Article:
Back to our topic at hand...

Unless your family is already attending a church where there is an established Deaf Ministry, this will most likely be an area of great struggle, frustration, and disappointment for you and your family, once you adopt a deaf child.  It is very possibly your family will have to seek out another church.  The only problem is, there are very few churches, across this country, doing a really good job of reaching out to the Deaf, through ASL interpreted services or with Deaf-led services. In the largest cities, where the concentration of the Deaf population is much greater, there are few thriving Deaf Ministries (most often hearing-led by ASL interpreters and some with Deaf leaders) and even fewer Deaf Churches, where the pastor himself is Deaf. 

Once you begin to learn about the Deaf Affinity Group, the group of people who identify themselves as Deaf living around the world, a subculture of every hearing-culture, you will quickly be confronted with the fact that less than 2% of all Deaf people know of and/or follow Jesus Christ.  That is true right here in our own US of A.  This fact puts them in the top three unreached people groups around the world. 

Think that through for just a moment. Try to think about how this could impact your adopted deaf child and your family throughout your adoption journey, which is life-long and will actually reach into the next generation.  For example, if you have dreams of your adopted deaf son or daughter growing up and easily finding and marrying another Deaf person, who is a follower of Christ, think again.  You do think about your deaf child growing up and becoming all God desires for him/her to be, don't you?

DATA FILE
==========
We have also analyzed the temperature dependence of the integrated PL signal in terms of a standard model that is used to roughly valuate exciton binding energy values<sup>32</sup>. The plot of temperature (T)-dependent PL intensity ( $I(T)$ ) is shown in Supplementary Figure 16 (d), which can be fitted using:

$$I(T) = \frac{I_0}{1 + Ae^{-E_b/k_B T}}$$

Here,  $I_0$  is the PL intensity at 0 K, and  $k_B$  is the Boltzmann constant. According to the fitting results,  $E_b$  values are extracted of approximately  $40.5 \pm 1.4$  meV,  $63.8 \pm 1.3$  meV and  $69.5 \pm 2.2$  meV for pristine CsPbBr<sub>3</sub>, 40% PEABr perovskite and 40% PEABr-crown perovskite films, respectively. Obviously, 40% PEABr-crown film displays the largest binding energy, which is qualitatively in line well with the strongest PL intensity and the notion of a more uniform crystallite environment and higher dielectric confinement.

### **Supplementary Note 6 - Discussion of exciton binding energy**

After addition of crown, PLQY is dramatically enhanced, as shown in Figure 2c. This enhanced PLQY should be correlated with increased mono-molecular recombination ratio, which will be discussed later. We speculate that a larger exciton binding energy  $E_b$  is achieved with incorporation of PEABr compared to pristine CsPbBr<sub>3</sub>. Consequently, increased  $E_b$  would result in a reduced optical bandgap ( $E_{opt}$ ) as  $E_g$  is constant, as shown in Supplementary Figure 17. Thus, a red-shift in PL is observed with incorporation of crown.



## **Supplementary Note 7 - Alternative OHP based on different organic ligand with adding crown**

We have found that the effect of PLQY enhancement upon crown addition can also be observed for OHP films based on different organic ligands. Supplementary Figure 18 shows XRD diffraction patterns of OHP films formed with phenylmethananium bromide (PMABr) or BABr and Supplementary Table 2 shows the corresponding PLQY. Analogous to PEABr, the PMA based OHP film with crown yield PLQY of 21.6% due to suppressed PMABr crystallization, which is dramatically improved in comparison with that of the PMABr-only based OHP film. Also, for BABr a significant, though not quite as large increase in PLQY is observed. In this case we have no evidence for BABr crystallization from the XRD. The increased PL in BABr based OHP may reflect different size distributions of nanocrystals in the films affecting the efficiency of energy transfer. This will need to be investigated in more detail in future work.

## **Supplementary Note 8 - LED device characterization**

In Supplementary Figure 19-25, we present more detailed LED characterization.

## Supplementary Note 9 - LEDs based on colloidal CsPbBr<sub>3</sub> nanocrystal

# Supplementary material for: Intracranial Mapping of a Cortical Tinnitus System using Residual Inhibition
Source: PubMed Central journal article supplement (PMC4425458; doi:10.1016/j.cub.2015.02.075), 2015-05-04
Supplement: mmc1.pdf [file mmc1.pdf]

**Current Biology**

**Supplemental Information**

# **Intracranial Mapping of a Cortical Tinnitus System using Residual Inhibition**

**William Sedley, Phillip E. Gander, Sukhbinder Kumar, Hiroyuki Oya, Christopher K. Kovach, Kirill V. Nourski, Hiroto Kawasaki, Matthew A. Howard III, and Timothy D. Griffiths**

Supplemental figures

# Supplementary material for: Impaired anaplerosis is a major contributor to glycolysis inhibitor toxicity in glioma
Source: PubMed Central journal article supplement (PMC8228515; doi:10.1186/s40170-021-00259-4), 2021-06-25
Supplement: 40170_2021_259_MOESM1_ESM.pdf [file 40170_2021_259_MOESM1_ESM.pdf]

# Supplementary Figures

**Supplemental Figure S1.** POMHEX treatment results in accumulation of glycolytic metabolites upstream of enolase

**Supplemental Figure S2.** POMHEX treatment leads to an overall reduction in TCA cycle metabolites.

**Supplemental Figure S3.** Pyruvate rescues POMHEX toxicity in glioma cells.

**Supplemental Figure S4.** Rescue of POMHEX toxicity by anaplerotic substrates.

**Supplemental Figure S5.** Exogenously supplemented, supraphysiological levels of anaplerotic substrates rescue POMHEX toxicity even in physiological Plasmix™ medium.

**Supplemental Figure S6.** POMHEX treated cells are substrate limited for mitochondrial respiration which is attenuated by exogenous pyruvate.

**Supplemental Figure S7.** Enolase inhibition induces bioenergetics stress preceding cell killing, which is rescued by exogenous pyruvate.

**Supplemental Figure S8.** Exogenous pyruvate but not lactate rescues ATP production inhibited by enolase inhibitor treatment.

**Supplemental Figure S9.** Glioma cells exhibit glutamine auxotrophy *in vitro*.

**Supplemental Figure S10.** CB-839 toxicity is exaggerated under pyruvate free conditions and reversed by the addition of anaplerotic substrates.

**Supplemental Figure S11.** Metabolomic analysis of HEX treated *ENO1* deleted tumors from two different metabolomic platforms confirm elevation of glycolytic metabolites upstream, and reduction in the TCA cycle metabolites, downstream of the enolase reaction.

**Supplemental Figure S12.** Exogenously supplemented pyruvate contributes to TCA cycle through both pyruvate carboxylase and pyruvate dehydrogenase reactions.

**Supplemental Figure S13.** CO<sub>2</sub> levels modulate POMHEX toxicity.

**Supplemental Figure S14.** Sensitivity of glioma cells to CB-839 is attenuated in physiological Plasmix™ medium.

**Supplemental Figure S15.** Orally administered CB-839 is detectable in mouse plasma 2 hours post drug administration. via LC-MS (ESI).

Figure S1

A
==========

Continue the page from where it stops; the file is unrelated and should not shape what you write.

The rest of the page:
Allow me to share a little Deaf Culture with you.

There are no statistics on how many Deaf people marry other Deaf people, nor how many mixed marriages (Deaf with hearing) there are, but in years past Deaf marrying Deaf was the most common practice.  Several reasons have been suggested:

1) Deaf people tend to feel only other Deaf people can truly identify with them on a deeper level through their language of ASL and their shared experiences, growing up in a hearing family that never learned to converse with them,.  They feel the bond they can have with each other is much stronger when they marry another Deaf person. This often comes from their life experiences of hearing family members rarely sharing details of their family's spoken conversations, everyday.

2)  Deaf people would marry other Deaf people so they could keep their precious ASL and Deaf culture more pure.